They broke even until the early nineties, when Harmon's company got LBO'd, and the financiers in New York who had bought it began to break it up and sell off the little parts to various people. The particular part of it that Harmon worked for got sold to Gale Aerospace, a defense contractor based in Chicago. They gave him a choice: move to Chicago or move to Chicago. But they couldn't move to Chicago without selling their house, which now was worth half what they had paid for it. Harmon got fired.

They following year, the bank that Eleanor worked for was bought out by a huge California bank that already had millions of branches all over the area - including one that was directly across the street from the one where Eleanor worked. They closed her branch and she lost her job.

The foreclosure on their house had not been long in coming. They had bounced around from one big apartment complex to another for a few years and finally wound up in the trailer park in Commerce City, next to Doreen. They still had two cars, a 1981

Volvo wagon that they had bought used, and a rather old Datsun that did not work anymore and -was parked, permanently, in front of the trailer. Harmon had taken the Volvo with him when he disappeared, stranding Eleanor in the trailer.

She had sought him everywhere else. Now, just for the sake of being complete, she was back in the old neighborhood.

It was amazing how quickly you forgot the street patterns. It was almost as if the people who laid these things out wanted you to get lost. She drove for a quarter of an hour down the winding lanes, courts, and terraces, flipping U-turns in circles. The voice of the President of the United States continued to whinny from the radio. The words seemed almost devoid of meaning and the rhythm of the speech was constantly broken up by outbursts of applause and cheering. The pale, desiccated prairie grass, dusted with powdery snow, reflected the moonlight through the windows of the empty houses. Many of the streets had never been finished, the asphalt would simply terminate and become a hard-packed arroyo lined with uncompleted houses, their naked studs and unconnected plumbing lines projecting into the dry air like the rib cages of dead animals.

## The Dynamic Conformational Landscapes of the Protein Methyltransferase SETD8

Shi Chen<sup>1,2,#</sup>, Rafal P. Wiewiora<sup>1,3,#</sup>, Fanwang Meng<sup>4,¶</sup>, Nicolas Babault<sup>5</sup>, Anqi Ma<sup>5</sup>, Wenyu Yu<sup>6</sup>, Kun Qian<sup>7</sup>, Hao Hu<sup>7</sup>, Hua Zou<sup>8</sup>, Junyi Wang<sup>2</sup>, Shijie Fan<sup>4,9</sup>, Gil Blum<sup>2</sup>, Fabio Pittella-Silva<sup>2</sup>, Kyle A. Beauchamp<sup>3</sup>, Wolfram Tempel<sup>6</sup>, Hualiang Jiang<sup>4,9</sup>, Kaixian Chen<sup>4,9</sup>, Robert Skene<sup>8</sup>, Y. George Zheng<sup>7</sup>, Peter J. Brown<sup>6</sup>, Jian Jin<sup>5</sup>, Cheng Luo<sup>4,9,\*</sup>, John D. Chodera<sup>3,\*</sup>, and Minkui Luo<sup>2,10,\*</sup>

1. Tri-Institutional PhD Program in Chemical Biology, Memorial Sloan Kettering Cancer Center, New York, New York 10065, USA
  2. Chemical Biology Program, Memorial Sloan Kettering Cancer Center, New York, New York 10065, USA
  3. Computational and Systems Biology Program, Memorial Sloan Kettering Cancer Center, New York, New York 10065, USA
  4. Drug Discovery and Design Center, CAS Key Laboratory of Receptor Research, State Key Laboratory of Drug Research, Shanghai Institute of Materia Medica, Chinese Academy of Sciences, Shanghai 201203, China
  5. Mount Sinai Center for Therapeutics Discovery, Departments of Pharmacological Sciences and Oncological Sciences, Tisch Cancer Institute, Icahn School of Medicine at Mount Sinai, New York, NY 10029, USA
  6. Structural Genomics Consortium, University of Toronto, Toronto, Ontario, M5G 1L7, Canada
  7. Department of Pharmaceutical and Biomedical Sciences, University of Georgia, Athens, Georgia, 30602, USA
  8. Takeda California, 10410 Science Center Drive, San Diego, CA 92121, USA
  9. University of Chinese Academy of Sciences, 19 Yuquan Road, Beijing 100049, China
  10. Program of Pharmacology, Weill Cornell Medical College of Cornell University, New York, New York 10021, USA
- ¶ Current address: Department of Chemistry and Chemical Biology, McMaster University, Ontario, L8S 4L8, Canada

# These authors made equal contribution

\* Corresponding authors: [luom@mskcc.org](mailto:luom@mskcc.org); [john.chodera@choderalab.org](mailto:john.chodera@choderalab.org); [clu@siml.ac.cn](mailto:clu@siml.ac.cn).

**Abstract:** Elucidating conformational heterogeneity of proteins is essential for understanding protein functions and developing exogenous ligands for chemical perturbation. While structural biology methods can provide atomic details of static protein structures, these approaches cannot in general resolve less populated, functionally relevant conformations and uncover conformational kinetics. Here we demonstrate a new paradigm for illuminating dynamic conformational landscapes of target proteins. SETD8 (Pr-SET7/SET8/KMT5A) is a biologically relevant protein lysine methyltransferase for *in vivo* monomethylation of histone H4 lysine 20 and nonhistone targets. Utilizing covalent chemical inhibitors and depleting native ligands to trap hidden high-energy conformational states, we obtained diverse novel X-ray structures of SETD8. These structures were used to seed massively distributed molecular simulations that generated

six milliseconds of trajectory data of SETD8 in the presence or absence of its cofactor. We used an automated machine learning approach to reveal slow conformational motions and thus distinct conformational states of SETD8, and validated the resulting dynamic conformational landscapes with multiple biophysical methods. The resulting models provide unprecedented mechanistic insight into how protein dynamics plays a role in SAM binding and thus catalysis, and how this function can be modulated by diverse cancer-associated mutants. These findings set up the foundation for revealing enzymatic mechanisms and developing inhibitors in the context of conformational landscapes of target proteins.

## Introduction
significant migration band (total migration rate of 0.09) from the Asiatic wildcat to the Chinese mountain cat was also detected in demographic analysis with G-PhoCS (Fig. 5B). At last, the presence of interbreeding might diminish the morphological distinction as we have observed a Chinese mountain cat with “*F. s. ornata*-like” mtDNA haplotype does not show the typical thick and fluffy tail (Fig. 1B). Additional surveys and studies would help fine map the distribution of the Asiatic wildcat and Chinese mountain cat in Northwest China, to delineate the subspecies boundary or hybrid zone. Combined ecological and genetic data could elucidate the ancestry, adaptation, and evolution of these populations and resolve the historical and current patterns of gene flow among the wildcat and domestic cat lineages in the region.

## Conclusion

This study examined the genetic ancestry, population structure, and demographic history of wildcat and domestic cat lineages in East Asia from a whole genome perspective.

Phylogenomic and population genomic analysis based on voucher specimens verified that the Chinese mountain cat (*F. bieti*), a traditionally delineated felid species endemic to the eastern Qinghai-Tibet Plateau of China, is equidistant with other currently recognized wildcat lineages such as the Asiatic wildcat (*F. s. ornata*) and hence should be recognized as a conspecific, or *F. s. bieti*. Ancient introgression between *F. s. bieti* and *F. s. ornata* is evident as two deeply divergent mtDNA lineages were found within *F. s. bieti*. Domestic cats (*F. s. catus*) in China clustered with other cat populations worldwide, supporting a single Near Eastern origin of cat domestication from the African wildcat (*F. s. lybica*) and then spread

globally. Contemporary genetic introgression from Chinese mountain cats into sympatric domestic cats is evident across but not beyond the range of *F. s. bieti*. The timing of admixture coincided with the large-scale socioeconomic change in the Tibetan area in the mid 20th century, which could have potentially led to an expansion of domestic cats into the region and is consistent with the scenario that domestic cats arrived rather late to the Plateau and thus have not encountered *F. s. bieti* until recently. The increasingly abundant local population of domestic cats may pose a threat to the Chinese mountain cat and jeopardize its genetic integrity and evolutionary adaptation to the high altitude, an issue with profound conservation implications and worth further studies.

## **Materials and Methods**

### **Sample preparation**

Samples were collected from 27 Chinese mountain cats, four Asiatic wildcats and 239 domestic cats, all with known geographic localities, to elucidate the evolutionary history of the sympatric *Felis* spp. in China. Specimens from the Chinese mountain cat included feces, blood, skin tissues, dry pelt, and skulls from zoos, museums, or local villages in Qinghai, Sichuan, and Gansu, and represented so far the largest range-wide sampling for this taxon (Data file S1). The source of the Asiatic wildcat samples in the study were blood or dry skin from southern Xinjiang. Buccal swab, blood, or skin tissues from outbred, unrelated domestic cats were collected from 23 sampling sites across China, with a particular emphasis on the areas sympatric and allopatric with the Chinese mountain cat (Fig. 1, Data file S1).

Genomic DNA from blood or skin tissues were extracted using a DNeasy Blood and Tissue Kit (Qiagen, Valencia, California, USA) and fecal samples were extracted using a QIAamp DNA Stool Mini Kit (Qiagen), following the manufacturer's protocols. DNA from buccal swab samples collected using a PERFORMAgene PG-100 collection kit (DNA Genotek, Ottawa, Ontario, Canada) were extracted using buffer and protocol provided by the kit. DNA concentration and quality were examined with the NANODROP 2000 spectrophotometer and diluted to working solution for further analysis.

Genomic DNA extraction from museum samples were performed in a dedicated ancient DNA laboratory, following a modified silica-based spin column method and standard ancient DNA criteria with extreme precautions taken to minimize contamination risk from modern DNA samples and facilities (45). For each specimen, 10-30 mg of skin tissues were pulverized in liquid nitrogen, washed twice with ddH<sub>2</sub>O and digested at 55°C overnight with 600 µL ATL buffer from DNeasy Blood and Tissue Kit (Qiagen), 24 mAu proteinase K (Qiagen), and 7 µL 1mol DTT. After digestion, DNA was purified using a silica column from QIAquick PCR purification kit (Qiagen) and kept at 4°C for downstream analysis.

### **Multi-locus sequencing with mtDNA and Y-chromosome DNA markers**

Finally she saw some landmarks that reminded her of where she was, and her old reflexes took over, guiding her automatically through the twists and turns.

Their house sat up on a little rise at the end of a cul-de-sac, a lollipop-shaped street that broadened into a circle at the end. Their house was right at the top of the lollipop, looking down the length of the street and out over a nice view of the Rockies rising into the night sky with the lights of Denver lapping up against them.

The house shone tonight in the moonlight. The "White House." They had called it that partly because it was white, and partly because moving into it had made them feel like they white people.

It was meant ironically. Feeling like a white person had been one of Eleanor Richmond's big goals in life. She had grown up in the heart of Washington, D.C., and had often gone for weeks at a time without seeing a single white face. People would come in from other parts of the country and complain about how the system was stacked against them; the cops and the judges and the juries were all white. But in D.C., the cops and judges and juries were all black. As were the teachers and the preachers and the nuns who had educated Eleanor. She had never gotten the sense that being black singled her out in any way. In some ways that had actually made it easier for her and Harmon to settle down in a predominantly white middle-class area.

Still, moving into a white house in a suburban development in Colorado had made her feel like a pioneer on the edge of the wilderness. She had often longed to jump into the Volvo and drive back to D.C. It felt better if she joked about it, and so she called it the White House. And when her relatives from D.C. came out to visit and bum money off of them, she laughed and joked about the White House all the way from the airport, so that by the time they got there, and saw just how white it was, they were ready for it, and they didn't take her for some kind of traitor.